From Caesar A. Rodney
Wilmington Feby 19. 1815.
Honored & Dear Sir,
It has been so long since I had the pleasure of hearing from you, that I feel anxious to know whether in the tranquil scenes of retirement you continue to enjoy your usual good health, for I know you must enjoy, unclouded, except by sickness, that serenity of mind, which is the constant companion of a pure conscience: The diadem of a man, who can repeat with truth, the sentiment of the Latin Lyric bard
And who can say with justice, to an enemy,
Tho’ you can not have been, since you left Washington, without solicitude for the welfare of the Republic, you have been releived from that burthen of cares, necessarily incident, to the high office you, filled with so much dignity, & executed with such exalted integrity, directed by the most enlightened understanding, that you gained the affections of the people at large, & the warm attachment of every individual, capable of attachment, who had the honor of being more intimately connected with you, by the ties of friendship, or the relations of office. Fidelity & frankness to your friends was the unerring & undeviating maxim of your public life. And I shall never forget, your last advice, your parental legacy & injunction, to those you left behind, on going out of office, “To love one another as you had loved them.” But I have often regretted, that I did not adhere rigidly, to the resolution I had formed, of retiring with you, from the post you had spontaniously bestowed, unsought, unsolicited & unexpected, on me, & which I accepted with a heart over flowing with gratitude. Your successor, however, intreated, and persuaded me to continue, & I remained until a just sense of honor & of character, compelled me to resign.
Since that time I have devoted myself to my profession, to improve my fortune, too much neglected & empaired by public life. For in the wreck, alone, of my furniture library &c on their passage to Washington in 1810 I sustained a loss of more than $5,000 besides being deprived of many book & articles not to be replaced. And you will recollect1 the sacrifice I made, when at your solicitation, I was drawn from my practice, my only dependence, at an important period of life, to deprive of his seat in congress, one of our present ministers in Europe, who had been very violent & virulent against the Republican Chief magistrate & the Republican cause. My situation was the more delicate, because, tho we had been always opposed in public, we have been uniformly on the most intimate terms, in private life.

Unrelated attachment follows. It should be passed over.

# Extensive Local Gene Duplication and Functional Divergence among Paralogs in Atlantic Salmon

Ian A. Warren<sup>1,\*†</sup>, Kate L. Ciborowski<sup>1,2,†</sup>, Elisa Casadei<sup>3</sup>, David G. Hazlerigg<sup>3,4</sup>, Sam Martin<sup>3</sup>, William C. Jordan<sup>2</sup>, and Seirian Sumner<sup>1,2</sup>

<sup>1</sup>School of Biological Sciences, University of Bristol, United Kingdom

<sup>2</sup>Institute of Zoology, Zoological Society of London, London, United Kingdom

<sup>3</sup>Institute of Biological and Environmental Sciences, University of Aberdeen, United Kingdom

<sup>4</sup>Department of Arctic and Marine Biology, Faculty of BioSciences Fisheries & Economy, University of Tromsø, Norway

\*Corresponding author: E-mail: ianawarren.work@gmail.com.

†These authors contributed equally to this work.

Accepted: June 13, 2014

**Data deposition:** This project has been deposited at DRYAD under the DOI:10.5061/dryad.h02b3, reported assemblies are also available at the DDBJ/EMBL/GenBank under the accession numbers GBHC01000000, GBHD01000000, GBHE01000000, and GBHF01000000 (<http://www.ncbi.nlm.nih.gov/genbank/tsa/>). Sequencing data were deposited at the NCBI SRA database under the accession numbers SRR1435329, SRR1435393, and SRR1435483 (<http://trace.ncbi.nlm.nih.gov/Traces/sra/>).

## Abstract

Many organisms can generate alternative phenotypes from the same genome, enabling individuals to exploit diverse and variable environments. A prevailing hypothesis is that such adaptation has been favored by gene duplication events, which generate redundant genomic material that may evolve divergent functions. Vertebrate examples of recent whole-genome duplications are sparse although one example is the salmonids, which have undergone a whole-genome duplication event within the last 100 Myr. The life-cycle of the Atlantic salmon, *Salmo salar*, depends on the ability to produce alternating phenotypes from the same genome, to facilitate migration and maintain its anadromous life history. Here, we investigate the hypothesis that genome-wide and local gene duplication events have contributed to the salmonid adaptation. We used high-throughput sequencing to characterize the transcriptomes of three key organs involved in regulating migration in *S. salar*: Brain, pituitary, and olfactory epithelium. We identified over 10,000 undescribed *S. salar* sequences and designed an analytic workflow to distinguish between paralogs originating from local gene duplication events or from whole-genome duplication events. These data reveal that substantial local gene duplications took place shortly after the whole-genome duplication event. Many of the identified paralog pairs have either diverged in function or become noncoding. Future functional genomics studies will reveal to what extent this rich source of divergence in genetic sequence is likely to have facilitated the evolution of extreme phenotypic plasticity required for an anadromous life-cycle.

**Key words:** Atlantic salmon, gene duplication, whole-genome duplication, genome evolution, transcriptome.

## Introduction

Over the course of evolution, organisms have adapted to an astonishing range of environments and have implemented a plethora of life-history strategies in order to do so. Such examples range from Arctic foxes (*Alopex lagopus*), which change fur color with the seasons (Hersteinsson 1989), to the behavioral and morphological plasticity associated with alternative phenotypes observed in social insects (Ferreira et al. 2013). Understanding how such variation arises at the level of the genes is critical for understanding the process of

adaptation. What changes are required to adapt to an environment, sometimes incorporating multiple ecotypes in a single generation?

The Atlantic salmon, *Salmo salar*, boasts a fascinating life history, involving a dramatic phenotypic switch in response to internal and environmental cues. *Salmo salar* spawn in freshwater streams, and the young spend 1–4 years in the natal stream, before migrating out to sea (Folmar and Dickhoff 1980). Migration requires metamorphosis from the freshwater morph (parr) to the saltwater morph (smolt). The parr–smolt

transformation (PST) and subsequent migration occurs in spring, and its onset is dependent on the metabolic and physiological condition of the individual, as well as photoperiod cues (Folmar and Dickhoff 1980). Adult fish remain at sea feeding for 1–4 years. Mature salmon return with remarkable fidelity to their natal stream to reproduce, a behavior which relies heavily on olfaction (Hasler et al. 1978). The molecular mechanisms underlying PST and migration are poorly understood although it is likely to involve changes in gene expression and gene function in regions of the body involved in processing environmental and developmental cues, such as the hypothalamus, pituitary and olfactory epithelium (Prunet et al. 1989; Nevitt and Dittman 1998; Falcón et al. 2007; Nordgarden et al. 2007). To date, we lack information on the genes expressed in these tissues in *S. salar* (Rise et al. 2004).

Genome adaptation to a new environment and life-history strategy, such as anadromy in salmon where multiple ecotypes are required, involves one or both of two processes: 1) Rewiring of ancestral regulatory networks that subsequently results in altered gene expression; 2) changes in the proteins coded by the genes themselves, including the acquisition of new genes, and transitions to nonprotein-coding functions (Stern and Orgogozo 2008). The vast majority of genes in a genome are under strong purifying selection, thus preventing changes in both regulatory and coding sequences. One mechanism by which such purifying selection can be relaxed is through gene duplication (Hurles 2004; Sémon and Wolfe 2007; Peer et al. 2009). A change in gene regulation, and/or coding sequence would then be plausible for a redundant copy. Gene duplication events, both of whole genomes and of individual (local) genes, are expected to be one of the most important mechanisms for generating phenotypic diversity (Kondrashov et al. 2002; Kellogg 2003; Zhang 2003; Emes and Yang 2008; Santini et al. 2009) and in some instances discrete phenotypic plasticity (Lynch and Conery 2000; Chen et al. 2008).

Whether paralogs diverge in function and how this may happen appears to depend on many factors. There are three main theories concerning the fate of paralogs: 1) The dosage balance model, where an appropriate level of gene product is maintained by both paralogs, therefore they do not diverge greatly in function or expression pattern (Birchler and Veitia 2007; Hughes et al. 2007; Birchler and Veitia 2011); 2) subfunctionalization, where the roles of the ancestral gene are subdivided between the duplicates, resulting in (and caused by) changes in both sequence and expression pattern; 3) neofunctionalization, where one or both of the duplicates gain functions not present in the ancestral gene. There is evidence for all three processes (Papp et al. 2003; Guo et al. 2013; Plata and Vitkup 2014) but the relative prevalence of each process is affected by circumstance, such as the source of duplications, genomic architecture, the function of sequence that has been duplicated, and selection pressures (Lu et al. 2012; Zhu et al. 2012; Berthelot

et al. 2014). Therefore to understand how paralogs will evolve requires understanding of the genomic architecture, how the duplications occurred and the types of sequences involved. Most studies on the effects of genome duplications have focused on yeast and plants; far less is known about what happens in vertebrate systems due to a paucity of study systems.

The war which I am happy to add, tho’ a sincere advocate for it, is now ended, initiated me into the elements of the military science, of which I blush to own I was before ignorant, by inducing me to raise a company of artillery for the protection of our country against a cruel & vindictive enemy. My ambition prompted me, to qualify myself for the task of disciplining & commanding them.
The contest with England also dragged me into the Senate of this State with the veiw of urging the legislature to provide the means of defence within thier proper sphere, & this object was partially accomplished.
With these exceptions I have confined myself exclusively to the practice of the law.
Since we last parted what wonderful revolutions & changes have taken place at home & abroad. “Tempora mutantur,” & some men have changed with the times. But I will not descant on this subject, when it shall be in my power to visit you I may. This pleasure & satisfaction, I anticipate before a very2 long time. I have a great desire to spend a few days with the best of men, in his retreat of whom some future historian will say with more propriety, than it was said of Scipio in ancient or, Scarborough in modern times
With every sentiment of esteem, of gratitude & affection I remain Dr Sir, Your Most Sincerely & Truly
C A. Rodney
RC (DLC); endorsed by TJ as received 3 Mar. 1815 and so recorded in SJL.
integer vitæ, scelerisque purus: “The man of unblemished life who is unstained by crime” (Horace, Odes, 1.22.1, in Horace: Odes and Epodes, trans. Niall Rudd, Loeb Classical Library , 66–7). hic murus ahæneus … culpa (“hic murus aeneus esto, nil conscire sibi, nulla pallescere culpa”): “Be this our wall of bronze, to have no guilt at heart, no wrongdoing to turn us pale,” from Horace, Epistles, 1.1.60–1 (Fairclough, Horace: Satires, Epistles and Ars Poetica description begins H. Rushton Fairclough, trans., Horace: Satires, Epistles and Ars Poetica, Loeb Classical Library, 1926, repr. 2005 description ends , 254–5). to love one another as you had loved them is a reworking of Jesus’s admonition in the Bible to “love one another; as I have loved you” (John 13.34). In 1802 Rodney won his seat in the United States House of Representatives by defeating James A. Bayard, one of our present ministers in europe. tempora mutantur: “times change.”
nil non laudændum … sensit (“nisi laudandum aut fectit aut dixit ac sensit”): “guilty of no act, word, or thought that was not praiseworthy” (Velleius Paterculus, Historiae Romanae, 1.12.3, in Velleius Paterculus: Compendium of Roman History Res Gestae Divi Augusti, trans. Frederick W. Shipley, Loeb Classical Library [1924; repr. 1961], 30–1). Philip Dormer Stanhope, 4th Earl of Chesterfield, included this quote in his 1759 sketch of Richard Lumley, 2d Earl of Scarborough (Characters by Lord Chesterfield contrasted with Characters of the same Great Personages by other respectable Writers [London, 1778], 41–4, quote on p. 42).
1. Manuscript: “rcollect.”
2. Manuscript: “very a very.”
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